Tuesday, August 27, 2013

Baptist Press Batshitery on Public Accommodation laws

As growing public push back and court rulings are eroding the ability of Christofascists to impose their fear and hate based religious beliefs on society, the "godly folk" are having a complete conniption fit.  As is typical of these less than nice people, they view any restriction on the ability to trample of the constitutional rights of other citizens as an attack on "religious liberty."  In the Christofascist world view, it is they and they alone who are entitled to religious freedom.  Everyone else is supposed to knuckle under to them and forfeit their own rights.  A rant in the Baptist Press over the recent ruling against "Christian" photographers who refused to provide services to a same sex couple symbolizes this selfish and self-centered mindset.  Here are highlights:

ALBUQUERQUE (BP) -- An attack on religious liberty is evident in the New Mexico Supreme Court's ruling that two Christian photographers violated the state's Human Rights Act by refusing to photograph a same-sex "commitment ceremony," according to several Southern Baptist commentators.

"Anyone who still doubts that the normalization of homosexuality and the legalization of same-sex marriage will represent a seismic shift in the culture at large needs only to look to New Mexico to see that nothing less than religious liberty is now under threat -- and in a big way," R. Albert Mohler Jr., president of the Southern Baptist Theological Seminary, wrote in an online column Aug. 26.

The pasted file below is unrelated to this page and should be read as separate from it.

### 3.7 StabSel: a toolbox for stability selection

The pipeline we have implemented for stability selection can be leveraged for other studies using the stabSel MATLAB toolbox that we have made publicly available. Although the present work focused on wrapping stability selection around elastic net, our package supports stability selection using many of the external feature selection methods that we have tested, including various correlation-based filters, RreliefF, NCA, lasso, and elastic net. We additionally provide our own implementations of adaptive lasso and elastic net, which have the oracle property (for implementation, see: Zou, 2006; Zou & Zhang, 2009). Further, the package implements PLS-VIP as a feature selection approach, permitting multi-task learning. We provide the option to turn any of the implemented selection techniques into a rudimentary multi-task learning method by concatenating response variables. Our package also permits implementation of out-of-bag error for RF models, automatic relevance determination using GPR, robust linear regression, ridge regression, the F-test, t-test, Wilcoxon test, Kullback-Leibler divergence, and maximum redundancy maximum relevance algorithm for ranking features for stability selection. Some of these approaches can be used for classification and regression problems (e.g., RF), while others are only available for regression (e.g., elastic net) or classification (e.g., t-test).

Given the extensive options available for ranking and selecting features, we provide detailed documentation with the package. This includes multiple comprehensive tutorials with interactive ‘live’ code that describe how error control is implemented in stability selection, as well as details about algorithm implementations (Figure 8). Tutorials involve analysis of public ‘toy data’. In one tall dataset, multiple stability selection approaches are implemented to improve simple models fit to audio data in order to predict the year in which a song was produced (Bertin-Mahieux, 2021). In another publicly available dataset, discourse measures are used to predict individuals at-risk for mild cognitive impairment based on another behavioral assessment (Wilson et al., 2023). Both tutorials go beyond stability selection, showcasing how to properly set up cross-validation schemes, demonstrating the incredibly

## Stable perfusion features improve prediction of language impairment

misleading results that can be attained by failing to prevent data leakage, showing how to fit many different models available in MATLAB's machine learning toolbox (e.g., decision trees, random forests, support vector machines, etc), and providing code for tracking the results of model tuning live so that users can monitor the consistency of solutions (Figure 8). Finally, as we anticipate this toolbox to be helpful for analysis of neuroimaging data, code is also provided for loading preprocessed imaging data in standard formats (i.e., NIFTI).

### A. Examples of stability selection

Russell D. Moore, president of the SBC Ethics & Religious Liberty Commission, said the Aug. 22 ruling "demonstrates, once again, that where we are headed is the state-established religion of sexual liberation, with the law used to steamroll every conscience in the way."

According to state Supreme Court Justice Richard Boson, the Constitution protects the rights of the Christian photographers to pray to the God of their choice and follow religious teachings, but he noted that belief and practice are not the same things. Religious liberty, Boson wrote, must be subordinated to the state's anti-discrimination laws, and that the photographers -- and by extension others -- are "compelled by law to compromise the very religious beliefs that inspire their lives."

"The Huguenins today can no more turn away customers on the basis of their sexual orientation -- photographing a same-sex marriage ceremony -- than they could refuse to photograph African-Americans or Muslims," Bosson wrote. "The Huguenins have to channel their conduct, not their beliefs, so as to leave space for other Americans who believe something different. That compromise is part of the glue that holds us together as a nation, the tolerance that lubricates the varied moving parts of us as a people."

"The New Mexico Supreme Court has now made clear that the price to be paid by many is the forfeiture of their religious liberty," Mohler wrote.
Kelly Boggs, director of public affairs for the Louisiana Baptist Convention and editor of the Baptist Message, wrote in his weekly column on Baptist Press Aug. 23 that the ruling is evidence that the push "to have homosexuality accepted as natural, normal and healthy in the United States knows no compromise. 

The "moment of truth is rapidly approaching" for Christians who believe homosexuality is "an immoral, aberrant behavior," he wrote.  "The choice will be whether to capitulate to a culture that asserts, without evidence, homosexuality is natural, normal and healthy, or to insist it is sinful and suffer consequences."

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